April 23, 2014

The Philly Fifty, #27: Curt Schilling, Phillies

For the complete list and explanation of criteria and scoring, check out the Philly Fifty page

Longevity – 4

Schilling was traded twice (Red Sox to Orioles, Orioles to Astros) before he landed with the Phillies in 1992 for Jason Grimsley. That trade started an 8 1/2 year career with the Phillies, more than twice his time with any other franchise.

Peak – 4

Schilling’s career peaked in Arizona, but for the Phillies, he peaked in 1997 and 1998, when he pitched a combined 523 innings, with a 3.11 ERA and a ridiculous 619 strikeouts. Only 14 pitchers have had 300+ K’s in a season and only Koufax, Ryan, Randy Johnson, Rube Waddell, J.P. Richard and Schilling did it in back-to-back years. Schilling finished behind in the Cy Voting due in-part to the Phillies’ horribleness, and in-part due to the existence of Greg Maddux and Pedro Martinez.

Popularity – 4

Schilling was popular because he was outspoken about the ownership on the things that were frustrating to fans as well. Usually when a player forces a trade out of a city, he is hated. In Schilling’s case, we wanted to go with him.

Team Success – 2

The Phillies were 642-751 with Schilling. If you take out the magical 1993 season, our average 162-game record during his tenure was 72-90. The Phillies went 124-102 in games he started, 518-649 in games he did not.

Awards – 3

His best finish for the Cy Young in a Phillies’ uni was 4th in 1997. He made the all-star team 3 times as a Phillie. In 1993, he was NLCS MVP.

Stats – 4

He is 4th in team history in K and WHIP, 5th in WAR, IP and W and 14th in ERA. He holds the team single-season record for strikeouts (319) and K/9 for a starter (11.29). Only Randy Johnson, Nolan Ryan and Pedro Martinez have had a higher single-season K/9 as a starter. In 1993, he made 4 post-season starts, going 1-1 with a 2.58 ERA in 31.1 IP.

Historical Standing – 3

I expect Schilling will be in the HOF pretty easily, though maybe not first ballot. Every single pitcher with over 3,000 strikeouts is in and Schilling sits at 3,261 for his career.  I wrote a post on this shortly after he retired, making the case that he should be the first person in the HOF with a Diamondback hat on.

Excitement – 4

No matter how badly the Phillies played or how horrible the Vet was for baseball, the house was usually packed for a Curt Schilling start. A strike-out is the most exciting thing a pitcher can do, and he did it more often than almost every starting pitcher in baseball history. It’s unfortunate the Phillies only made it to one playoffs with him, as we know he had a knack for the dramatic there as well.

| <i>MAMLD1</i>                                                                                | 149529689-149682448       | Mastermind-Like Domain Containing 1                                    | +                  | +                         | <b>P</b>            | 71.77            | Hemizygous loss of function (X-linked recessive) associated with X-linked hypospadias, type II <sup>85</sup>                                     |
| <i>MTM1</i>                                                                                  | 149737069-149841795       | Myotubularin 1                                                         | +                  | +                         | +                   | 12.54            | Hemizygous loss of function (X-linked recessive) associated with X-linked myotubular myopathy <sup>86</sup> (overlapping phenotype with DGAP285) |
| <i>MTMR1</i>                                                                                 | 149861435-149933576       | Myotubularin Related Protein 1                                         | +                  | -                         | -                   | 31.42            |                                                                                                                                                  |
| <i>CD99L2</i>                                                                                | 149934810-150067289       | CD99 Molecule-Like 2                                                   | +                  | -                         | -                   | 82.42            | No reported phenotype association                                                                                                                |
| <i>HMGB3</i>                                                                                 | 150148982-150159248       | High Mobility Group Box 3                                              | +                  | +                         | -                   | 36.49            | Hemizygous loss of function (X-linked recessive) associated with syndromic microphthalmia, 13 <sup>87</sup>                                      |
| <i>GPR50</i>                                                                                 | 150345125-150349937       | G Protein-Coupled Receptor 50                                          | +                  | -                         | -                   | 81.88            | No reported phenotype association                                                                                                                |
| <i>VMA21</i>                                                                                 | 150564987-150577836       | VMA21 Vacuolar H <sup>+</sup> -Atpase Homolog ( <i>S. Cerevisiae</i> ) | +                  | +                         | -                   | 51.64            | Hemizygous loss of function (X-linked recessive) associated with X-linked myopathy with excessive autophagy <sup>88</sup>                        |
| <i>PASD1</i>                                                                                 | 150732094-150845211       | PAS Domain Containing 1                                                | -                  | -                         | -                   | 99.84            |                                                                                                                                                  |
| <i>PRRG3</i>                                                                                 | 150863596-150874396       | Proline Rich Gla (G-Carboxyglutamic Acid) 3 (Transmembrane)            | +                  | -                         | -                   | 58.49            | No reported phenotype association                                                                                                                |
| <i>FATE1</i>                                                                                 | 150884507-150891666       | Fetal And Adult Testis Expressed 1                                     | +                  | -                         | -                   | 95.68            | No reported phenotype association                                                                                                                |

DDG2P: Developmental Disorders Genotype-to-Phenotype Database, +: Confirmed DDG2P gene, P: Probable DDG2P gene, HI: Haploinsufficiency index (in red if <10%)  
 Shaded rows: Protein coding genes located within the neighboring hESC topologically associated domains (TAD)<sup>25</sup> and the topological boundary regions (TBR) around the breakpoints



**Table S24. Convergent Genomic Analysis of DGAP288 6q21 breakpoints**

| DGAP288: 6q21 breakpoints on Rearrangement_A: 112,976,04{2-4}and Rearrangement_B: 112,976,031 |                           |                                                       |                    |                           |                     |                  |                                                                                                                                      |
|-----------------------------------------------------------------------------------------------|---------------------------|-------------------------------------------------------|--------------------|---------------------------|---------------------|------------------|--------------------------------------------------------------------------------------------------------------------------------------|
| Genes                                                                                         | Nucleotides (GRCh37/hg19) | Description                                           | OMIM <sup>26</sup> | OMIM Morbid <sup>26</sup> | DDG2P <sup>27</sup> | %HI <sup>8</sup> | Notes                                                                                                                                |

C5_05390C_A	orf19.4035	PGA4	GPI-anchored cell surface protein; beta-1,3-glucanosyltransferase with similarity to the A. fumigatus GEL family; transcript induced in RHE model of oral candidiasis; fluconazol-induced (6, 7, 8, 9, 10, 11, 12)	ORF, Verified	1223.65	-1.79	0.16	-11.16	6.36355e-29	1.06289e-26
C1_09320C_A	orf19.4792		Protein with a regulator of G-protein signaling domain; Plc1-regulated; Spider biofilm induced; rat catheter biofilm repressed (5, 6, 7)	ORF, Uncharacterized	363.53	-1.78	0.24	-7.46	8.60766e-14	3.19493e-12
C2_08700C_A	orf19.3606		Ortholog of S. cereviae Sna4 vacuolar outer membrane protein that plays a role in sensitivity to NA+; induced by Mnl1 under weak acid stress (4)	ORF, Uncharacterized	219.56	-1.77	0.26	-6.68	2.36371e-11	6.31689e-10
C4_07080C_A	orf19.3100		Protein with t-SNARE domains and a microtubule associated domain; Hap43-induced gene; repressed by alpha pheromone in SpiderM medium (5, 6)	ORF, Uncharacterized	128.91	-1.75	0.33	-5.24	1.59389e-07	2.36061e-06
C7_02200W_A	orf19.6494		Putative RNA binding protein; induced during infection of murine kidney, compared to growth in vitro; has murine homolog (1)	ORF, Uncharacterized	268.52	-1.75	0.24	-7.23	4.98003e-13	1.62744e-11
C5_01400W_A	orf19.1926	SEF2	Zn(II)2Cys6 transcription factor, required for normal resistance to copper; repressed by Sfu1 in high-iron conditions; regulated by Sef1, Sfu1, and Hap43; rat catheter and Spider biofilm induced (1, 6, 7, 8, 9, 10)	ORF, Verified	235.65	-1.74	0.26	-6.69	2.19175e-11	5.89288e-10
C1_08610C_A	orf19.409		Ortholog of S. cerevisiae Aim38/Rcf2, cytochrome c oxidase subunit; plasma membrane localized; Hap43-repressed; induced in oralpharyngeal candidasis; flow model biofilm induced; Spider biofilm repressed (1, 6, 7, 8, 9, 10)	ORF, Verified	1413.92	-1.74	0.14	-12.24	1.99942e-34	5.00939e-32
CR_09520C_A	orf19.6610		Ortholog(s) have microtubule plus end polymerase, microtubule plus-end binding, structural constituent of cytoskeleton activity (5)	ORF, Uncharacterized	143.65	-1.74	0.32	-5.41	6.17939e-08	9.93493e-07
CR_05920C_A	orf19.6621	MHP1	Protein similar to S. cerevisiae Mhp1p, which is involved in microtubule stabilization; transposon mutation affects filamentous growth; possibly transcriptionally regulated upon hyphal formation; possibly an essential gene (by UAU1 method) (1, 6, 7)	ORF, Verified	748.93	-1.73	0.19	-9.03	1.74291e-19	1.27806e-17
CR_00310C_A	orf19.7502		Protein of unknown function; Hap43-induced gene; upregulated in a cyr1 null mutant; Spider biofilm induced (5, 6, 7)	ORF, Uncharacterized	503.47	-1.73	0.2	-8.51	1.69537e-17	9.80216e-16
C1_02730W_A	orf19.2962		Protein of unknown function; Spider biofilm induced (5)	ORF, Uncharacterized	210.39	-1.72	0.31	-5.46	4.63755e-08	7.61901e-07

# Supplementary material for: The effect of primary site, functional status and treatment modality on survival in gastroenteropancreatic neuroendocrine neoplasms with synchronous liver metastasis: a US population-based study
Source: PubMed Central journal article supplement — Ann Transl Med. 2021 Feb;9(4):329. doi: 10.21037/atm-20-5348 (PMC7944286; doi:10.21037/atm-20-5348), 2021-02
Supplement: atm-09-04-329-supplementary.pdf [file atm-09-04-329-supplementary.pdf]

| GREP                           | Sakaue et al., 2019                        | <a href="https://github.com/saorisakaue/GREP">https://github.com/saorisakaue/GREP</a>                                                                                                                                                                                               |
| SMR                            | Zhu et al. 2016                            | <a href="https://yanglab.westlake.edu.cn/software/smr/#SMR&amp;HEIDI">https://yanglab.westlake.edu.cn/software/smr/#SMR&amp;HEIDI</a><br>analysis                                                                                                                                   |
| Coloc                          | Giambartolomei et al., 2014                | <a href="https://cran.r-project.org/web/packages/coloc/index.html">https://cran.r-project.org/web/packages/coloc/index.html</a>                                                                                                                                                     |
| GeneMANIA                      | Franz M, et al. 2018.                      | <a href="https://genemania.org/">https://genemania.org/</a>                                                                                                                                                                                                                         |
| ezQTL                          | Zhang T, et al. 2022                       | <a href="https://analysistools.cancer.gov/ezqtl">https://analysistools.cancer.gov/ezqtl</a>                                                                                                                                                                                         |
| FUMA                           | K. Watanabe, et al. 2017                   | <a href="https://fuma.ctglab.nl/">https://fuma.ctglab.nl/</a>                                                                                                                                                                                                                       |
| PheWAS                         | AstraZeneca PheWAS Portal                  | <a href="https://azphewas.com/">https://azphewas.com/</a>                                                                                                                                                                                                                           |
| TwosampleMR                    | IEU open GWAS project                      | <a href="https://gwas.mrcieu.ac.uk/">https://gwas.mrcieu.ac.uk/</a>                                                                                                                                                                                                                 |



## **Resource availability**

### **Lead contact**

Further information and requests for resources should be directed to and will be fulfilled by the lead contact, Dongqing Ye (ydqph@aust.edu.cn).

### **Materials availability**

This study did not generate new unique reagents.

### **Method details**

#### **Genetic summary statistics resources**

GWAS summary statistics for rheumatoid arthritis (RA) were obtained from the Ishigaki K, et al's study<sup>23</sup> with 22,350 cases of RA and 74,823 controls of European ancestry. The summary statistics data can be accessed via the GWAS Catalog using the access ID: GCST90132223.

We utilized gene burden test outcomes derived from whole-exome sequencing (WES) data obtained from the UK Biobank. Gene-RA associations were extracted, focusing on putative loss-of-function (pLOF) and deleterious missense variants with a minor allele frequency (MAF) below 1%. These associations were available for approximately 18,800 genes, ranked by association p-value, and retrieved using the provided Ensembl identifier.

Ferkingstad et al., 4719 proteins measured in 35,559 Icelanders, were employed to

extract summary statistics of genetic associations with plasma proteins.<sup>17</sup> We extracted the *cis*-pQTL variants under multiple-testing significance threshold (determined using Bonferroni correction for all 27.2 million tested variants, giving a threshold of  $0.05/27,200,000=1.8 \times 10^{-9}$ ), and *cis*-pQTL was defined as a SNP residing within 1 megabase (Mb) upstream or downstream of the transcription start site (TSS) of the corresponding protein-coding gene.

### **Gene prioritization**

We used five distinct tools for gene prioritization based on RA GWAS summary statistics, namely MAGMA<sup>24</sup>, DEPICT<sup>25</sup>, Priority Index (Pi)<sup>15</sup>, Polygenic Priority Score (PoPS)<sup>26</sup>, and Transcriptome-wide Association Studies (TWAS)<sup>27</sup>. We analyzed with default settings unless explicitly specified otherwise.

Total: 28


For the complete list and explanation of criteria and scoring, check out the Philly Fifty page

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  1. Joe says:

    Loved watching Schill with the Phils.  I moved to AZ in may the season he went to AZ, and went to of his great playoff starts on the run to the WS.  I tended bar at the biggest sports bar in tucson, and most customers/ dback fans I talked to were upset when the gave up there 1st baseman for him. 
    I kept telling people that him and johnson will make he d-backs instant ws contenders to alot of laughs.  I also have some great memories of Schilling mowing down Big Mac (during his moster year) time after time with big k’s, a big pitching matchup with Kevin Brown after he took a ton of $$ with the dodgers and schilling getting in a bases loaded jam (no outs) and kept working 3-0 or 3-1 counts, and the place rose for each strike while he struck his way out of the jam (I think 2 k’s and a pop up, but all 3 batters had either 3-0 or 3-1 counts)

  2. Chris McC. says:

    So happy to see a guy from the 93 team on this list. I was but a wee lad back then and my mom got me a partial season ticket plan that year (13 sunday home games). It’s a vague but really important memory to me both as a person and a sports fan. It’s shame the team was never any good with him. Sort of our version of the Cubs/Greg Maddux deal.

    • Pete says:

      I always hoped (and actually expected) him to make a return to Philly at the end of his career for 1 year.

      • joof says:

        93 was a great year. I may have went to 5 or 6 games. That 13 game pass mustve been awesome. That team may have been my favorite team of all time (gang green buddy ryan eagles for a few different years were the other)

  3. Ken Bland says: